“Having to deal with the bureaucracy and political burden of having to move somebody out of the business” was not new. Firing someone in a Fortune 100 company where poor performers do not get moved out of the business “that was the hard work. From me she got the encouragement. I told her that this is the right thing to do.” But telling her was not enough. “I provided the grace to do this.”
3. Giving Grace to Get Growth
What does Paula mean by “providing grace?” This is how she explains it: “I recognized that this was going to be a demanding activity for Bethanne.” The employee could be valuable elsewhere in the company, so this move had to be executed excellently and with real sensitivity. For Bethanne to do this and to grow, she needed relief from some of her everyday urgencies. That is the “grace” that Paula wanted to give.
It feels like a luxury to give someone time to think this all through, to research the right answers, to work out the details. For Paula that meant a conscious decision to reduce her workload in an environment where workloads were increasing. Paula chose to make Bethanne’s development a more important priority than any one project. She prioritized the organization’s growth ahead of both Bethanne’s normal workload and ahead of the employee’s comfort.
Paula looked at the best way to help Bethanne do this right and changed her workload for several months. “There were some assignments that I would have had go to her. I didn’t.”
Bethanne knew that Paula was involved and was investing in her. She also knew that Paula was not doing the work for her. Bethanne felt supported but also knew that she had full responsibility to get this issue right. Bethanne acted in the way that Paula hoped. “She responded to that by doing a complete job.”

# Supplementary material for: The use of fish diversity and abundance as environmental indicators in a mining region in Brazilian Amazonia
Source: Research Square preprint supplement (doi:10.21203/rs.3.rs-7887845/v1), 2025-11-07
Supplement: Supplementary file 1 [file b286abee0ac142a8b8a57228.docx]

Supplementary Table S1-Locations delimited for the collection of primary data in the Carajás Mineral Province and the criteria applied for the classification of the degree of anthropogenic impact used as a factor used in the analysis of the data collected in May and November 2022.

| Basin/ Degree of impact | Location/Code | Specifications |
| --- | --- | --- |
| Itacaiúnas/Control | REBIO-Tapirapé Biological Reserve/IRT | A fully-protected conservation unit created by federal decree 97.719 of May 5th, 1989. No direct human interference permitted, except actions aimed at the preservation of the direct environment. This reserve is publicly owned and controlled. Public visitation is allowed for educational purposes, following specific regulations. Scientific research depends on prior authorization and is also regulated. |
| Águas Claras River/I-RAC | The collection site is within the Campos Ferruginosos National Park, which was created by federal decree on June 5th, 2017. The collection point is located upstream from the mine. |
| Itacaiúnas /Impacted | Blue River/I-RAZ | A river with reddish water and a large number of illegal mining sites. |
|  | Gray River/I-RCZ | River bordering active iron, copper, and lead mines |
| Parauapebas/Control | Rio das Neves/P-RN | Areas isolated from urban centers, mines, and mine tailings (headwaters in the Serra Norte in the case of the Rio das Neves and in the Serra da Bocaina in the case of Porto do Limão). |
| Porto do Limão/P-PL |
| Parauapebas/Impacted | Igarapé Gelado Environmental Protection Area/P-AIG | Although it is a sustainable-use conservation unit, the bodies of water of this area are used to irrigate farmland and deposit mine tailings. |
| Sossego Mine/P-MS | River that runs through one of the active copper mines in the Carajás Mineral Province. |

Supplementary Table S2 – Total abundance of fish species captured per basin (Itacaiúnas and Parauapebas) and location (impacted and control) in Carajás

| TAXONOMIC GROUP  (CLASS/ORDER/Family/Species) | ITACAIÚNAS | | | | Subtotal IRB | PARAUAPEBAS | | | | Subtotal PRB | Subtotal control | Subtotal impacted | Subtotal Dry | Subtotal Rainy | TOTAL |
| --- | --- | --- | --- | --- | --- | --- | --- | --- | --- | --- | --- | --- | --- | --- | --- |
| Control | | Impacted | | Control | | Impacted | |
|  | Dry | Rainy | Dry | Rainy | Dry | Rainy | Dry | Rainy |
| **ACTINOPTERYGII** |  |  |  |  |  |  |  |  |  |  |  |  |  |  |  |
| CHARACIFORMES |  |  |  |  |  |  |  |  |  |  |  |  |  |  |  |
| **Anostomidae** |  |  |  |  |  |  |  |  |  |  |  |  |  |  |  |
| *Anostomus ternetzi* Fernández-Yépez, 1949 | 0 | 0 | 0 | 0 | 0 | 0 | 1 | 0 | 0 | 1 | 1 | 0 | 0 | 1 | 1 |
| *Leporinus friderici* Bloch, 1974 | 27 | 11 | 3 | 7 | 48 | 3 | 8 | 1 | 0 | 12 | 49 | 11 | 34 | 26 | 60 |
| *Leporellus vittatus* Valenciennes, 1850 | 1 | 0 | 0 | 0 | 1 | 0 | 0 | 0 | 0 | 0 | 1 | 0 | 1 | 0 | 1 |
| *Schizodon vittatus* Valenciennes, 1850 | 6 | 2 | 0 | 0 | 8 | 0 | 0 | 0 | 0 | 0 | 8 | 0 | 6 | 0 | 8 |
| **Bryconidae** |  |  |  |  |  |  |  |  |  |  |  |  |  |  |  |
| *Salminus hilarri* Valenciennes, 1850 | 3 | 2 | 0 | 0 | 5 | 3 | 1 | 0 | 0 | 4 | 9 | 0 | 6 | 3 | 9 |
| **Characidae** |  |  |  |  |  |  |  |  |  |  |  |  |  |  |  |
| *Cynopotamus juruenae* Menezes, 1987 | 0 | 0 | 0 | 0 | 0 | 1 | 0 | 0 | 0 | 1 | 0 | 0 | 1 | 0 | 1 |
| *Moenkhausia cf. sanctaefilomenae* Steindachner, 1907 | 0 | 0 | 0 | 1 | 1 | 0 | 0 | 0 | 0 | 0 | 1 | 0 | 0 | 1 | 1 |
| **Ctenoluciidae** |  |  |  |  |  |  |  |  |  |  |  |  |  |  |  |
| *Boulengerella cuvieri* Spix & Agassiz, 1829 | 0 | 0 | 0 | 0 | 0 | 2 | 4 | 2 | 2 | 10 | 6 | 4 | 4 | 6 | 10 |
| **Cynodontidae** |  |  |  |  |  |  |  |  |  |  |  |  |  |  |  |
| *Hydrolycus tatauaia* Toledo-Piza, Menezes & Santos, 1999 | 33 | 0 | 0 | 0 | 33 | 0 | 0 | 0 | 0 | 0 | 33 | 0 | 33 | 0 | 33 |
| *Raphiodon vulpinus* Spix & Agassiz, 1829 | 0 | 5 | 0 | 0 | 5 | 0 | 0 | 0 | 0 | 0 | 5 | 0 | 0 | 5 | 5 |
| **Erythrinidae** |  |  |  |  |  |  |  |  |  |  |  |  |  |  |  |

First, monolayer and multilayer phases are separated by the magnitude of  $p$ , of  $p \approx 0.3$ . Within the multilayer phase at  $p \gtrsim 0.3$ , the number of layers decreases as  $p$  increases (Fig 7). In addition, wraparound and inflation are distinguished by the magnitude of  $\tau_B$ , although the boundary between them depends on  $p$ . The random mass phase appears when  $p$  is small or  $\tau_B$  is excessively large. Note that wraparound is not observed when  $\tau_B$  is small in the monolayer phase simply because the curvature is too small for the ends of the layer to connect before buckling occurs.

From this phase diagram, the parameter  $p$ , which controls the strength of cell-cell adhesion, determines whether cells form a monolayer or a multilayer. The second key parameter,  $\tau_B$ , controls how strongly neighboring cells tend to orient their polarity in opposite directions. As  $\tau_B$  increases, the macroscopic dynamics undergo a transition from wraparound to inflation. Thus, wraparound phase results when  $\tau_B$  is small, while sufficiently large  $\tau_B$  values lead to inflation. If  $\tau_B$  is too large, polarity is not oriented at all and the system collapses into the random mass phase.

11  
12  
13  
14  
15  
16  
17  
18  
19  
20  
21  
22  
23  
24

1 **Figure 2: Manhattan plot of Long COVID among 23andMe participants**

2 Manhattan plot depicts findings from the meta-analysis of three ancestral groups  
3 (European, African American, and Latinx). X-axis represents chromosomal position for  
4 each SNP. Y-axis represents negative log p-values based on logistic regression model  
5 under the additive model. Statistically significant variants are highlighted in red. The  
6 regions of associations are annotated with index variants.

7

This was was the reverse of normal delegation. In order to give Bethanne space to work this process, Paula had to take on more work for herself. Paula was was putting out more effort, not less.
However, there is self-interest here. “It is important to me as her manager; she becomes more valuable to me. It is important to Bethanne because important skills are expanded, it is important to the corporation because (we) have one more skilled manager.” No matter whether your team is small or large, having a skilled manager is going to be an advantage.
You don’t assemble skills like this; you grow them. You owe it first to yourself and then to your business and team to grow good managers. “Giving grace” is part of nourishing growth and growing your business.
Fostering Growth for Your Organization
Do you choose to make growing people one of those important contributions to your business? Paula made that choice here. “Investing in (Bethanne) was the right thing to do. She was a good manager on the verge of becoming a great manager. What more important managerial job do I have? That is the top of the game for me.”
“What more important managerial job do I have? That is the top of the game for me.”
Growth starts with working from your internal strength and values. The bad news is that you can’t rely on anyone else to get it. The good news is that you don’t need to rely on anyone else.
More good news: If you choose people well and let them learn, your team members don’t need to rely on you. You can let them supply their own strength if you can give them the grace, sense of values, and engagement to do so. Doing this grows your own access to time.
People will make mistakes, but progress is a changeless law. If you hold to your core values, and ask them to do the same, you will foster growth. Giving grace is a way to turn a problem into growth for your organization. And growth for your time as well.